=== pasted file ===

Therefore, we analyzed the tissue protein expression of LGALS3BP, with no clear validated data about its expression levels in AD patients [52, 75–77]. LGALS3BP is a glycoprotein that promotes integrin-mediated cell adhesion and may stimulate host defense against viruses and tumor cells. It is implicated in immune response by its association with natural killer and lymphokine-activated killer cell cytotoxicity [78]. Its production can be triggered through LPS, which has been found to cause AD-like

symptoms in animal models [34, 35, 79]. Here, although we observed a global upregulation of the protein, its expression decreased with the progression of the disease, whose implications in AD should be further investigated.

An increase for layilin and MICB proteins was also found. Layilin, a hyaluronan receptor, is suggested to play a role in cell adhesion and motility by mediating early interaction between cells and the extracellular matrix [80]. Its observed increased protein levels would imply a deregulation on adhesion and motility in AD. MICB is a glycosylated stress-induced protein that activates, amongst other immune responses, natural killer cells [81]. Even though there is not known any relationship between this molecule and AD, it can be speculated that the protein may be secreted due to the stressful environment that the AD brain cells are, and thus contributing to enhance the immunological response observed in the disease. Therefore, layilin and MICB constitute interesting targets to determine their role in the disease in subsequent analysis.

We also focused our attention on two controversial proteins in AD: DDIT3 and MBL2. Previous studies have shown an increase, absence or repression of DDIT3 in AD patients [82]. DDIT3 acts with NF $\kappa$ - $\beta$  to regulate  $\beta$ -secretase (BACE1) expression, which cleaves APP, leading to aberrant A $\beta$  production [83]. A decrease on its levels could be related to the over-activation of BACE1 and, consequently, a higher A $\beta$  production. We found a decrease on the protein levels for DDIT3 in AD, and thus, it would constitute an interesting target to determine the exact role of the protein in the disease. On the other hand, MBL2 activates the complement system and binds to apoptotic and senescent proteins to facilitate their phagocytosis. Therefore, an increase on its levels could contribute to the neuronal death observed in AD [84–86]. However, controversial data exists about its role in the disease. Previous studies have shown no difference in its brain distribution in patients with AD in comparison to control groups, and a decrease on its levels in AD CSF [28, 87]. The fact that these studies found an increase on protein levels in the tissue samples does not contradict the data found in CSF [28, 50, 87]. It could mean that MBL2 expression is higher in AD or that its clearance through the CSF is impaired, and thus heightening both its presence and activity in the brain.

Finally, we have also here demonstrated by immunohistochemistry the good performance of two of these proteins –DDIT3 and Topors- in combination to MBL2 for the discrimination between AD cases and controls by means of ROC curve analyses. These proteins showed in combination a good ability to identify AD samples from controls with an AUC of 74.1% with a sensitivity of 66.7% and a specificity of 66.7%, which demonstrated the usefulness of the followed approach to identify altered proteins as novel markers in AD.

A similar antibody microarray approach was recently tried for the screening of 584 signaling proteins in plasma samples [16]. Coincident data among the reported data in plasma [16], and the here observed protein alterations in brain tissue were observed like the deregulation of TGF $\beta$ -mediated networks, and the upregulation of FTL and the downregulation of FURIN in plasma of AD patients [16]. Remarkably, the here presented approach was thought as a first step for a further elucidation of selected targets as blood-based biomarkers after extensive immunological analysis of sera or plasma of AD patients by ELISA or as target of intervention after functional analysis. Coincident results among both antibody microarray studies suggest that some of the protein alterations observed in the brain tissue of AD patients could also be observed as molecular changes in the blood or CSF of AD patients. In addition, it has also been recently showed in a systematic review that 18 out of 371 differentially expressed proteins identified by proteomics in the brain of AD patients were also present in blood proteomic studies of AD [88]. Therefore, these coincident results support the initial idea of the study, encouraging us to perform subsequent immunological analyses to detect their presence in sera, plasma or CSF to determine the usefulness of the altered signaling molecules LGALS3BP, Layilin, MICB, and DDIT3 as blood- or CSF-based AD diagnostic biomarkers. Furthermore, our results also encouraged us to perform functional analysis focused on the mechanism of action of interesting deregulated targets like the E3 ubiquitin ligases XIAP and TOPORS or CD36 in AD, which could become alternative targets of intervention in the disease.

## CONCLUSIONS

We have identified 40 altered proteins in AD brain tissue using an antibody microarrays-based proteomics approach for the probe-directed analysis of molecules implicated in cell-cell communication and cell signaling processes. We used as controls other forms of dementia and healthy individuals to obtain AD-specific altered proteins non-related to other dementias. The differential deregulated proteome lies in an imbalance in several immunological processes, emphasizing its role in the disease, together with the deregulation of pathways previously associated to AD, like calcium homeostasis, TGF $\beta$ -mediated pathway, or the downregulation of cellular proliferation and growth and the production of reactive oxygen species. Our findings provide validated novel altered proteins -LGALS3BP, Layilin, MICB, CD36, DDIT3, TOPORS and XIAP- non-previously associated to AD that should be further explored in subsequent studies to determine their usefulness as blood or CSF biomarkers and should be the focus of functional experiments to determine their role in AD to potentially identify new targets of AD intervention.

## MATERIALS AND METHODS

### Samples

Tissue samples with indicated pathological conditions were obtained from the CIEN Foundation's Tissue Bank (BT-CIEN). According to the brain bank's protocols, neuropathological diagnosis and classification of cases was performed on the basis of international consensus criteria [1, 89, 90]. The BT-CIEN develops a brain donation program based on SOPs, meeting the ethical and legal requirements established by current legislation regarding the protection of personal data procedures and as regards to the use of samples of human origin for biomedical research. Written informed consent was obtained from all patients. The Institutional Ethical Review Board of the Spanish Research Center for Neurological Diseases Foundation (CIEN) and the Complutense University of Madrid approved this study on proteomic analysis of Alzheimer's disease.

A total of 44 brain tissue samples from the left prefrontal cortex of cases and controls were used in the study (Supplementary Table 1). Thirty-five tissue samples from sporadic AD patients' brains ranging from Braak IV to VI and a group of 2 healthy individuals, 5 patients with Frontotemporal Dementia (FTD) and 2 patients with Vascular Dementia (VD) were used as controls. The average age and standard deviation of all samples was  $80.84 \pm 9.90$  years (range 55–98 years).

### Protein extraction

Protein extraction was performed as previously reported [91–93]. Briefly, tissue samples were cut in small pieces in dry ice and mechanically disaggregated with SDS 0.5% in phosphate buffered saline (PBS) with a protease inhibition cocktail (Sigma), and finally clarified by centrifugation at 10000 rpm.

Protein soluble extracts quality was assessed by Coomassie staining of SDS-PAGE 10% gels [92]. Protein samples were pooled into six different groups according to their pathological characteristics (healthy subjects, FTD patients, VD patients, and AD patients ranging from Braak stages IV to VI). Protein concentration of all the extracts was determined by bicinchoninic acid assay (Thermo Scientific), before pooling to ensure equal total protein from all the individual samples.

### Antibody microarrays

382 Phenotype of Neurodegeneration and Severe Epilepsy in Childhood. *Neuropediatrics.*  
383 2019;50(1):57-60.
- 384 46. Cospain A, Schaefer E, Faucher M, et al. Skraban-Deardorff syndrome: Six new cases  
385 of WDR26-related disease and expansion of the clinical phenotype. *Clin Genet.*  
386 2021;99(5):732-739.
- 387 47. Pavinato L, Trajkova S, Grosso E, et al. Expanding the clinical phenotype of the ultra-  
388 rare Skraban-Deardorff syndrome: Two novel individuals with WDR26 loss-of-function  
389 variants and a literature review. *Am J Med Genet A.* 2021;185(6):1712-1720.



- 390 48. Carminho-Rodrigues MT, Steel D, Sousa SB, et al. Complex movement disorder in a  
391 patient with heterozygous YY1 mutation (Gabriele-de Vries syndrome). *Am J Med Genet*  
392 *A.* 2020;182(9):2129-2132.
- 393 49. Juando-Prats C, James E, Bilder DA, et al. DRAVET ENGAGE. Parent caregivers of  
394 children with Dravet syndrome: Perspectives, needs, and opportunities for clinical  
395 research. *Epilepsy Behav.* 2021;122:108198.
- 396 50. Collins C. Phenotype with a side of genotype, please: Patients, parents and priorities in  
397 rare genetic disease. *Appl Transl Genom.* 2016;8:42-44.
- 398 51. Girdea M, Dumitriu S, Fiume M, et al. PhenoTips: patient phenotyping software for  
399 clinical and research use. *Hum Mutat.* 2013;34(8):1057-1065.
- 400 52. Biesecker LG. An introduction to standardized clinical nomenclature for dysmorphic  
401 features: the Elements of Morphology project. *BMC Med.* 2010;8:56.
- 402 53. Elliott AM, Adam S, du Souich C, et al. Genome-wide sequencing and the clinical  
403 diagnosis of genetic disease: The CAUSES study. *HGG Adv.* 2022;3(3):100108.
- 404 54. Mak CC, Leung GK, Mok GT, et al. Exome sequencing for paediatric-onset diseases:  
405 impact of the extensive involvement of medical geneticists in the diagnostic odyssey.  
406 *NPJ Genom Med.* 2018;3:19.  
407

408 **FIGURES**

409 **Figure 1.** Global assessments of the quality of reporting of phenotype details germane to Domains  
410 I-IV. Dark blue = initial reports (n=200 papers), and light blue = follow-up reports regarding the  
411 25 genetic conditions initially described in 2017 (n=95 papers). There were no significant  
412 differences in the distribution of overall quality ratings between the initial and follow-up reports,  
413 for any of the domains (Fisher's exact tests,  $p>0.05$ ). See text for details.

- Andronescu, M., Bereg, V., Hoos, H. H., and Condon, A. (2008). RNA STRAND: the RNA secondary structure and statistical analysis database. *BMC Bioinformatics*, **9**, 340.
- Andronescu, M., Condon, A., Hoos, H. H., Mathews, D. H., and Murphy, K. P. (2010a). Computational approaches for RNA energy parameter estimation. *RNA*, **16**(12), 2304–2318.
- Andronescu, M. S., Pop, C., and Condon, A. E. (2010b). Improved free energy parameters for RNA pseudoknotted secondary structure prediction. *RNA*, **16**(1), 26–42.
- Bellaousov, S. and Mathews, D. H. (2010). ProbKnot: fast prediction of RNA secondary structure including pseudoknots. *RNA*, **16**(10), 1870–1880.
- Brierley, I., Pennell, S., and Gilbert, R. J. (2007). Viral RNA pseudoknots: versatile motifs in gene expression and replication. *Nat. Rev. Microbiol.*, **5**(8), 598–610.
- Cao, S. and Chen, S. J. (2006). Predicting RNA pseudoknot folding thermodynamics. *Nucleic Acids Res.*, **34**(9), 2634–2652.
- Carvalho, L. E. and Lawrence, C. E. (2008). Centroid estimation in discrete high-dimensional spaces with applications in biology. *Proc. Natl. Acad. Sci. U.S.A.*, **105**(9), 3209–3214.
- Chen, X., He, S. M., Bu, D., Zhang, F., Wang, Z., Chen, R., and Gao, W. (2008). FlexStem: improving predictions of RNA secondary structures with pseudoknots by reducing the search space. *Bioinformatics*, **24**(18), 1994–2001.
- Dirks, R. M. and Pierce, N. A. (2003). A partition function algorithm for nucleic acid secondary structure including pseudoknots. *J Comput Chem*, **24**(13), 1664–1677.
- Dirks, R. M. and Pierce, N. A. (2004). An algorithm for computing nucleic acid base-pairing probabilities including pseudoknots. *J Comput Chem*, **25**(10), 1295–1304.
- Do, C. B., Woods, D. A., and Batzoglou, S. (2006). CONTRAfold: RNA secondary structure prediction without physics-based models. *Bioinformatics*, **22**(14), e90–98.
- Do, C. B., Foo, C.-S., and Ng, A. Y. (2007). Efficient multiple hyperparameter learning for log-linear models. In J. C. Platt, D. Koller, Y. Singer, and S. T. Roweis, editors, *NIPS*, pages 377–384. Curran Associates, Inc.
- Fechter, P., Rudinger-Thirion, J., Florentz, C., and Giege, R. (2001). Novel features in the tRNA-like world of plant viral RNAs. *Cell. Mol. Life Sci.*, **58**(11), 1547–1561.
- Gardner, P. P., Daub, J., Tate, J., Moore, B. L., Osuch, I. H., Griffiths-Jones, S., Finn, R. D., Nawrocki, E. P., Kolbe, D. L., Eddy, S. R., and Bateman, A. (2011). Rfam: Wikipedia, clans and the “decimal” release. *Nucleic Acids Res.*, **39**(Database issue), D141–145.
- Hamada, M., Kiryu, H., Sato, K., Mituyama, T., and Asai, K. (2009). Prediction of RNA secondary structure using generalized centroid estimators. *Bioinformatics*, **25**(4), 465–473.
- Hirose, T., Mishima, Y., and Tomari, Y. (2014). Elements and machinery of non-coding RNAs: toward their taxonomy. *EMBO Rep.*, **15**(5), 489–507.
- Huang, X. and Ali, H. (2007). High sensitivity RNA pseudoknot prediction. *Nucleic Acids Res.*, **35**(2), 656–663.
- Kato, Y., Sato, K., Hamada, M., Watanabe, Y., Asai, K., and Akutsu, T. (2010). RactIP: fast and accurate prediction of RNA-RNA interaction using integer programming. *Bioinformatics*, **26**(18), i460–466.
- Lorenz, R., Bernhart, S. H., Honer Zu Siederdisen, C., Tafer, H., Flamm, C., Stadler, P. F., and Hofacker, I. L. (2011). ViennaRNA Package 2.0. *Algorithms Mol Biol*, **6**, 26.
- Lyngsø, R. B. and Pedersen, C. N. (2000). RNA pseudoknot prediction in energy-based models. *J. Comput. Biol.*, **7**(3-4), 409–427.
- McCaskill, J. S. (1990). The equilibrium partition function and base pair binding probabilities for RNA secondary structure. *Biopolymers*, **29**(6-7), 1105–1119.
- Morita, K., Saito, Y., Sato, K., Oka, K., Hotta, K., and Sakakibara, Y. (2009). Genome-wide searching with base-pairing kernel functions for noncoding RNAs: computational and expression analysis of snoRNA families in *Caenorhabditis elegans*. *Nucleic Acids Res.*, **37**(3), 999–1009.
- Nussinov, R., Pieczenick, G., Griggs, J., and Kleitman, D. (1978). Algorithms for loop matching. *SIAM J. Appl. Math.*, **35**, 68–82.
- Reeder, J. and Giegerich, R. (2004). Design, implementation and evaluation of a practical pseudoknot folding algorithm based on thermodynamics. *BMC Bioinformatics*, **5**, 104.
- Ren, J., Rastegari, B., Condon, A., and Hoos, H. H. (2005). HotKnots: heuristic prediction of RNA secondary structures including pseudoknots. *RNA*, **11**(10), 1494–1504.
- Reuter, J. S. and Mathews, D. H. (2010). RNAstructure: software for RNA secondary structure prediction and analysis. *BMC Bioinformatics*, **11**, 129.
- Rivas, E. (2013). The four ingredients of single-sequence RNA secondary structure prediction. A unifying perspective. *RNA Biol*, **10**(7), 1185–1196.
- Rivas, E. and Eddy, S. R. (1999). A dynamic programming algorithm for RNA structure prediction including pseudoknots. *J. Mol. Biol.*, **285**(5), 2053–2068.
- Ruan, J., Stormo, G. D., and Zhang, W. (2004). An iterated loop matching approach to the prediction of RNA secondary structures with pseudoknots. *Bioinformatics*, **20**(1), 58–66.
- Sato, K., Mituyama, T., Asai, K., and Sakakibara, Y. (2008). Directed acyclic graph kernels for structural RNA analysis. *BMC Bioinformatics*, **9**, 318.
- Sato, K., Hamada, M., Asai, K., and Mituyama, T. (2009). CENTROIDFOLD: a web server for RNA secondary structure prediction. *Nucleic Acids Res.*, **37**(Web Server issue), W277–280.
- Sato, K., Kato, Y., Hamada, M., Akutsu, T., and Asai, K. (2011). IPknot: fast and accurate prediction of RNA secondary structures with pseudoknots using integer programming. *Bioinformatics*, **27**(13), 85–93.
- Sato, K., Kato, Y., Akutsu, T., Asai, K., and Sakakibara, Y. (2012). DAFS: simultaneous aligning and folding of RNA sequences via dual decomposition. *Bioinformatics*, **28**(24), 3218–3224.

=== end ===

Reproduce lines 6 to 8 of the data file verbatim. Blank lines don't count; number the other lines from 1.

A similar antibody microarray approach was recently tried for the screening of 584 signaling proteins in plasma samples [16]. Coincident data among the reported data in plasma [16], and the here observed protein alterations in brain tissue were observed like the deregulation of TGF $\beta$ -mediated networks, and the upregulation of FTL and the downregulation of FURIN in plasma of AD patients [16]. Remarkably, the here presented approach was thought as a first step for a further elucidation of selected targets as blood-based biomarkers after extensive immunological analysis of sera or plasma of AD patients by ELISA or as target of intervention after functional analysis. Coincident results among both antibody microarray studies suggest that some of the protein alterations observed in the brain tissue of AD patients could also be observed as molecular changes in the blood or CSF of AD patients. In addition, it has also been recently showed in a systematic review that 18 out of 371 differentially expressed proteins identified by proteomics in the brain of AD patients were also present in blood proteomic studies of AD [88]. Therefore, these coincident results support the initial idea of the study, encouraging us to perform subsequent immunological analyses to detect their presence in sera, plasma or CSF to determine the usefulness of the altered signaling molecules LGALS3BP, Layilin, MICB, and DDIT3 as blood- or CSF-based AD diagnostic biomarkers. Furthermore, our results also encouraged us to perform functional analysis focused on the mechanism of action of interesting deregulated targets like the E3 ubiquitin ligases XIAP and TOPORS or CD36 in AD, which could become alternative targets of intervention in the disease.

## CONCLUSIONS

We have identified 40 altered proteins in AD brain tissue using an antibody microarrays-based proteomics approach for the probe-directed analysis of molecules implicated in cell-cell communication and cell signaling processes. We used as controls other forms of dementia and healthy individuals to obtain AD-specific altered proteins non-related to other dementias. The differential deregulated proteome lies in an imbalance in several immunological processes, emphasizing its role in the disease, together with the deregulation of pathways previously associated to AD, like calcium homeostasis, TGF $\beta$ -mediated pathway, or the downregulation of cellular proliferation and growth and the production of reactive oxygen species. Our findings provide validated novel altered proteins -LGALS3BP, Layilin, MICB, CD36, DDIT3, TOPORS and XIAP- non-previously associated to AD that should be further explored in subsequent studies to determine their usefulness as blood or CSF biomarkers and should be the focus of functional experiments to determine their role in AD to potentially identify new targets of AD intervention.